You foster a spirit of community and connectivity at your two restaurants. How does that intimacy and care-taking compare to the wider restaurant world? How much dialogue is happening in the larger industry about standards and best practices?

One thing that frustrates me about the industry — and this is my personal experience — is feeling like I don’t know what other people’s jobs are like in similar places. I’ve talked about this with some of my friends: How many hours is the Natasha at another restaurant working? How much money do they make? What kind of benefits do they have? How big are their teams? What are their resources like? Sometimes I feel like I have no idea and that can be hard because, as someone who hasn’t spent that much time in the industry, you get stuck in a hermetic world that is all you know. How would you know if where you are is toxic, or unsustainable, or if you’re being underpaid? I wish there were more ways for people in this industry to have open conversations about what our roles really look like without having to leave where you work to go see how someone else does it. 

When I was in LA for Pastry Action Network pop-up — shit — it was one of the most incredible experiences I’ve had around pastry, ever. All of these women, five pastry chefs, some of whom I had met in real life and some of whom I admired from afar, stayed in the same house. We were doing everything together: taking Ubers everywhere, having breakfast together, drinking wine after our day, going out to dinner. We couldn’t shut up, we couldn’t stop talking and comparing notes. It was so fascinating to hear about their days, what they struggled with, often identical to what I think about. I felt like I was really with my people. You open up and you are vulnerable with someone, talking about the crazy hours, when you felt unsafe at work, talking about money woes and staffing woes, and you realize, “Wow, I’m not as bad at this as I thought I was. This is endemic and a larger issue.” It was really comforting to know that a bunch of people I look up to and admire so much, who seemingly have it all together and are perfect, are also struggling.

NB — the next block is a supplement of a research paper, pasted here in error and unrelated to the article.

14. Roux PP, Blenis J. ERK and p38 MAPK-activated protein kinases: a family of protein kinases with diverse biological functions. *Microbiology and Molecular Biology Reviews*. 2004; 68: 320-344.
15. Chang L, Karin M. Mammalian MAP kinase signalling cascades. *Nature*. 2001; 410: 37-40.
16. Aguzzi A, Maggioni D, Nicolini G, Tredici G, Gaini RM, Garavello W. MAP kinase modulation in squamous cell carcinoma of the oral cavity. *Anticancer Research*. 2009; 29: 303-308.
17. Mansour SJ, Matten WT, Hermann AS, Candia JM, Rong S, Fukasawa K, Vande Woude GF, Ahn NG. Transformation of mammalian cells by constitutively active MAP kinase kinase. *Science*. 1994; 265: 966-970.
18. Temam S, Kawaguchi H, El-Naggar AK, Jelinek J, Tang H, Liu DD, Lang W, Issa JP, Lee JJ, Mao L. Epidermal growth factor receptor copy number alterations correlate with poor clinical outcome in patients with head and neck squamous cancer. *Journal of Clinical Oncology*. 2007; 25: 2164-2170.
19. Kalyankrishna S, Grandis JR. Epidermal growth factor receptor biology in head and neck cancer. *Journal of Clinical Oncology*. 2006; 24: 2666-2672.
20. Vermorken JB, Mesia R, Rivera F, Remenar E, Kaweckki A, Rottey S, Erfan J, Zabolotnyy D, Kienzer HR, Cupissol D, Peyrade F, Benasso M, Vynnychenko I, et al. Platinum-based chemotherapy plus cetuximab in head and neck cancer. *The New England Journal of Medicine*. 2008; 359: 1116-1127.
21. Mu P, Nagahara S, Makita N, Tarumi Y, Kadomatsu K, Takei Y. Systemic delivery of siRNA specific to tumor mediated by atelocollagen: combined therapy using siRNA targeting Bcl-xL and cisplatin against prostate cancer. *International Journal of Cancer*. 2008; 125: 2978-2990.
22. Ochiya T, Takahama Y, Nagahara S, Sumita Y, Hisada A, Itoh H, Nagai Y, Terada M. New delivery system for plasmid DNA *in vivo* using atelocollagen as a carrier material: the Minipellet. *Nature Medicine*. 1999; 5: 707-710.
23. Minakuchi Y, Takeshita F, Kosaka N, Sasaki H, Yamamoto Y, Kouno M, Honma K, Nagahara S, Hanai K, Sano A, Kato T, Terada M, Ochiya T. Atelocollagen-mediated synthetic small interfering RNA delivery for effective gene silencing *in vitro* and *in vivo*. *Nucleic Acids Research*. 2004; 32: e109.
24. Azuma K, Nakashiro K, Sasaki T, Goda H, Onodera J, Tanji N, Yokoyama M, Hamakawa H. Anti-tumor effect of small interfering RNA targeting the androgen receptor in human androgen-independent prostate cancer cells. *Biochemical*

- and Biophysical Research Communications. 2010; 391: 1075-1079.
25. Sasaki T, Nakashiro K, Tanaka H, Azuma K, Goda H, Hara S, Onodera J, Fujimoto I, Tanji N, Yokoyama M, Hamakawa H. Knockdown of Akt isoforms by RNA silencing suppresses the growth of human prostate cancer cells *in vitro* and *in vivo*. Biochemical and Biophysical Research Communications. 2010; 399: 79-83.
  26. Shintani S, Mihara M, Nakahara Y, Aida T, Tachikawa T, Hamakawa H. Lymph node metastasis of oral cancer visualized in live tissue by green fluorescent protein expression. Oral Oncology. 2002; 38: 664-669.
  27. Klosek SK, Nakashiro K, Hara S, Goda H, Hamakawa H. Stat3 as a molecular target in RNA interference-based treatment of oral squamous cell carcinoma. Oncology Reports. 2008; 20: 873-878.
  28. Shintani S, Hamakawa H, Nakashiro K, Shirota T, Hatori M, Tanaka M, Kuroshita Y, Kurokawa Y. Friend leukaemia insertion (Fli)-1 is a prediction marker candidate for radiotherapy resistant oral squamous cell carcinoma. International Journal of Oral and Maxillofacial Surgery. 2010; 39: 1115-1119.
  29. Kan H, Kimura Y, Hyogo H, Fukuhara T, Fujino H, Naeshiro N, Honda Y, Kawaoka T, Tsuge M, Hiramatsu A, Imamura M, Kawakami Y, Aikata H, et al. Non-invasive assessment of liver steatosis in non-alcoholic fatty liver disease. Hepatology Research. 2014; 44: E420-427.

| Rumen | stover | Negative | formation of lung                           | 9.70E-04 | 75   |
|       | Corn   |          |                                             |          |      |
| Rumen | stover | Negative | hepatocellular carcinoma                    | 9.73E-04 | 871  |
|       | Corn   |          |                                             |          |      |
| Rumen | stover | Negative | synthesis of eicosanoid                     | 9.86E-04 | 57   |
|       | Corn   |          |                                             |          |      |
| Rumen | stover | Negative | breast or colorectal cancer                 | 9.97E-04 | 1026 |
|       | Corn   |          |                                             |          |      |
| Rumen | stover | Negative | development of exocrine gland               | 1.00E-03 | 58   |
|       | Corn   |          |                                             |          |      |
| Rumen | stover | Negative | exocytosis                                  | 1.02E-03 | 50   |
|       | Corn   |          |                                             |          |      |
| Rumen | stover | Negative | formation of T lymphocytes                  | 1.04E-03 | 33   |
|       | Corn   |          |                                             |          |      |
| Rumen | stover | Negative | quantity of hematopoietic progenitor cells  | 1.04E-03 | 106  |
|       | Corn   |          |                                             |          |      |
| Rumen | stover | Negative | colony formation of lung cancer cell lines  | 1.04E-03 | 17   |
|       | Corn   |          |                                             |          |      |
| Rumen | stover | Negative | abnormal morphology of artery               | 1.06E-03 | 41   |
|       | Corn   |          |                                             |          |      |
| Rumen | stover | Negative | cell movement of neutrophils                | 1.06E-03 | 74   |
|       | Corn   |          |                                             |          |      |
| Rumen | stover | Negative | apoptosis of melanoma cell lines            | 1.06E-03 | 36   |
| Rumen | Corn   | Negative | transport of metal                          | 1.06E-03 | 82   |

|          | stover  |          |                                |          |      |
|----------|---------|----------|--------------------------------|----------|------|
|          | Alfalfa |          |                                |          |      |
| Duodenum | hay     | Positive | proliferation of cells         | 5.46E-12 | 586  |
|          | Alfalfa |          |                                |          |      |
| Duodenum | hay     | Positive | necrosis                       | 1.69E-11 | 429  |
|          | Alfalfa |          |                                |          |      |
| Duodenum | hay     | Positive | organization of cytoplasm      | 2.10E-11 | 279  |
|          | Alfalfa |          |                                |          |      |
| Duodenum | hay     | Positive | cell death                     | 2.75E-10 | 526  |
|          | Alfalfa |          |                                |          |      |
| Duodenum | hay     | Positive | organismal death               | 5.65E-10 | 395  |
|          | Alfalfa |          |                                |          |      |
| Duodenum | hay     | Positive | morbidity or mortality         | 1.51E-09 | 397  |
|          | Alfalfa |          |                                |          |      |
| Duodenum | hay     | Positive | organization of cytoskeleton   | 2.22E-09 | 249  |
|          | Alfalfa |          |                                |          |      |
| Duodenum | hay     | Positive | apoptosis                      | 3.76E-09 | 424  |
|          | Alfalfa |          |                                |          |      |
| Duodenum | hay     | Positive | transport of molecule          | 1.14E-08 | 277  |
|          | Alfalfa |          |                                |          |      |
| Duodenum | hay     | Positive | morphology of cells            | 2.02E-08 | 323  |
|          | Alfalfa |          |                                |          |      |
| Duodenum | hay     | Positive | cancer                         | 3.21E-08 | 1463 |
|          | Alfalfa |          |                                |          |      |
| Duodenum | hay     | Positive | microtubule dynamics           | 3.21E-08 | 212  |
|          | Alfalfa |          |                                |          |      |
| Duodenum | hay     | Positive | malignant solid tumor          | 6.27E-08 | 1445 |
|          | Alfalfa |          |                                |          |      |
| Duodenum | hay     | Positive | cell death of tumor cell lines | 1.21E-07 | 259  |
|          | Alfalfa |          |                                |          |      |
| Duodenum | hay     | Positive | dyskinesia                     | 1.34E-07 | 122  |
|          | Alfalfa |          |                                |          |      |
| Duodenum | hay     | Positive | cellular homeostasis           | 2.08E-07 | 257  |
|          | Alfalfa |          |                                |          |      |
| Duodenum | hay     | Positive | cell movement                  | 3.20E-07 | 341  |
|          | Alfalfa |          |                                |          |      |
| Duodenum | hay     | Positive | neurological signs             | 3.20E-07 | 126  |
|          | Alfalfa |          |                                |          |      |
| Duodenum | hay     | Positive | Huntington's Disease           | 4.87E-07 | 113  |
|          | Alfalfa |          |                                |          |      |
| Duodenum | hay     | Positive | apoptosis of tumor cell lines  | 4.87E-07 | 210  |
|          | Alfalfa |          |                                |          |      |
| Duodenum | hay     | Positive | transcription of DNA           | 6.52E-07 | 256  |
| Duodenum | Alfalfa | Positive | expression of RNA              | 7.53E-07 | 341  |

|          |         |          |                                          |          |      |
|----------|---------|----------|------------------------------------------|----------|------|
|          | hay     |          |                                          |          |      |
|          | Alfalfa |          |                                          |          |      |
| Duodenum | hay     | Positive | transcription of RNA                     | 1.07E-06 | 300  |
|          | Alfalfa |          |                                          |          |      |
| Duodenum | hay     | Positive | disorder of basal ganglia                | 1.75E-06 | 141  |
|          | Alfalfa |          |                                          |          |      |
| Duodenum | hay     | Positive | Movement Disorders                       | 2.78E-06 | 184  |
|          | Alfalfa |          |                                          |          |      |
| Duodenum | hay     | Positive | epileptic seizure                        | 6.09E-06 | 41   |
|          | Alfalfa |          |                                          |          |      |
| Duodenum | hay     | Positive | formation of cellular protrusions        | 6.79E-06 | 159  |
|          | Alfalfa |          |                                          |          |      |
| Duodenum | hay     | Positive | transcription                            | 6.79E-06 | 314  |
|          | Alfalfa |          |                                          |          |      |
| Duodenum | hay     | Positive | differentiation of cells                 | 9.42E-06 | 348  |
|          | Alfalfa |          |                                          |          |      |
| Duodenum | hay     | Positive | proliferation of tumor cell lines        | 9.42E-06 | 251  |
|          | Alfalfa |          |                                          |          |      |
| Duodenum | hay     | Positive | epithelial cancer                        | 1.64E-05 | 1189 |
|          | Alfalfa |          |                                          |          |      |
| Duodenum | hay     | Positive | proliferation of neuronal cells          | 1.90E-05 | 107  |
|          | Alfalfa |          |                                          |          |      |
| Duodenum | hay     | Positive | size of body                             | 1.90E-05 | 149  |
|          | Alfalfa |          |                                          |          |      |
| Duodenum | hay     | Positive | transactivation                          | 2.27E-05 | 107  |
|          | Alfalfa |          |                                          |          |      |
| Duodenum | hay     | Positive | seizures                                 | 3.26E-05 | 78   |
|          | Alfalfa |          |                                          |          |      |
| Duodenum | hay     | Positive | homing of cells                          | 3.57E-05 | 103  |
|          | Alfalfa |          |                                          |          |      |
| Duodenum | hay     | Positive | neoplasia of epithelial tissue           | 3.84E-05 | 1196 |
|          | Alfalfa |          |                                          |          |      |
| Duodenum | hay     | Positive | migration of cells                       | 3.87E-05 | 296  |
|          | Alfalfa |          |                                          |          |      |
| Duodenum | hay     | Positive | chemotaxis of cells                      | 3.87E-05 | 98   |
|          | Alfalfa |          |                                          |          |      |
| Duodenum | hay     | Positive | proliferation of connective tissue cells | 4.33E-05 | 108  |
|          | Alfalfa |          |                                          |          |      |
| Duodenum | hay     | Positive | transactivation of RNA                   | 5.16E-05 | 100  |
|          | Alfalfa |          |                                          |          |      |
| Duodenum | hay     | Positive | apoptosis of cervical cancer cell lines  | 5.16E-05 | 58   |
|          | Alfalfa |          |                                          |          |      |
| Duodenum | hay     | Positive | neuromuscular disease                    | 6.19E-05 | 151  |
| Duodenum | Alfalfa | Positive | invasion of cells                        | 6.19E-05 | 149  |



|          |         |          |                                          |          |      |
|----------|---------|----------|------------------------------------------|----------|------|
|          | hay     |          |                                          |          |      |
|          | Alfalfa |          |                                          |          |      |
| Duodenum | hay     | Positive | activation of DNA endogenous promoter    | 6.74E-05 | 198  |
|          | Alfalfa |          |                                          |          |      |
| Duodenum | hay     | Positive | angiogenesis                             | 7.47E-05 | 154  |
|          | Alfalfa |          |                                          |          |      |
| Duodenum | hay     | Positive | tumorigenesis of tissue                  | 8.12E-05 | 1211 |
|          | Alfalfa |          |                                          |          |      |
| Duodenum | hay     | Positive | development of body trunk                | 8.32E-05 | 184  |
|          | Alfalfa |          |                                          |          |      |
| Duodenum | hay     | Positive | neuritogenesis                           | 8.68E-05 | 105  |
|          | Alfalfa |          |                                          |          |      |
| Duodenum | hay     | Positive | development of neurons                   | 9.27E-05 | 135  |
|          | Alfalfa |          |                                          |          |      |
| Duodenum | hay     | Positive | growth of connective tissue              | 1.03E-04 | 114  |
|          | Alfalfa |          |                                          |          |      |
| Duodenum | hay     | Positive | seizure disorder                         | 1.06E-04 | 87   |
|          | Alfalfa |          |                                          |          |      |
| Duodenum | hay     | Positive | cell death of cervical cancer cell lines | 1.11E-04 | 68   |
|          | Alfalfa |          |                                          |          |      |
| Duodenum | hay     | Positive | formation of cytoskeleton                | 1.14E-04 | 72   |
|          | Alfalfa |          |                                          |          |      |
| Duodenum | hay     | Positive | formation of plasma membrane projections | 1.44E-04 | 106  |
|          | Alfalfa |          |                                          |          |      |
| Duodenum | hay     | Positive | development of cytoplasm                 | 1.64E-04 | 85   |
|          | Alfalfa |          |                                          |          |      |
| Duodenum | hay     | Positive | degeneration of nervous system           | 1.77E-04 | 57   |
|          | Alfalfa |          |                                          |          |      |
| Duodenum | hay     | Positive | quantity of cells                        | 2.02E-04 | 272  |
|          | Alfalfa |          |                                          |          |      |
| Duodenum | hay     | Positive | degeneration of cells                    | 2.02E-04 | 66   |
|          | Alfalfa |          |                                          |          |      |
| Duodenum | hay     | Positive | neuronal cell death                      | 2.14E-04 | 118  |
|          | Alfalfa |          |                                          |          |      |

I feel like I work really hard to be transparent with people about how I spend my time and what my resources are, but obviously money talk can be very weird. Luckily, I have a very great, open, loving boyfriend [Aaron Crowder, one of two chef-owners at Cervos] with whom I can compare notes. It has been amazing to hear how their restaurant group, which is also three restaurants (The Fly, Hart’s and Cervos), functions. 

Where did the inspiration for projects like the annual bake sale you organize as a fundraiser for Planned Parenthood or the workshops you host in partnership with Lenox Hill House come from? How do you make time for them?

When I started cooking, I wanted to figure out a way to still have a relationship with people, not to just be stuck in the back. I’m such a big believer in the idea that if the thing you want or need doesn’t exist, why wouldn’t you make that thing happen for yourself? The bake sale was an answer to the question of: How can I interact with all my peers in the pastry world? How can I bring all of the people in the New York City restaurant world together? How can I come up with more ways for us to collaborate for causes that we all agree are important? I’m not going to wait for someone to invite me to something, I’m going to figure out how to make that thing happen and get the people there to participate.

For me, knowing what my priorities are and what I’m interested in means that what this restaurant group becomes a set of resources that I can provide. Doing workshops with Lenox Hill at the Met Breuer because we’re closed on Mondays, that’s an incredible resource to offer.

I’m such a planner and I love organizing events and I love conceptualizing moments, whether it’s a field trip for my pastry team or planning our staff party or the bake sale or the workshops, it’s all an expression of my need to be around people and to organize people and to make moments for learning and togetherness. I really thrive being around like-minds and to generate enthusiasm and excitement for something different, like learning that new skill. It’s also really cool for me to be on the other side of it and be taught something.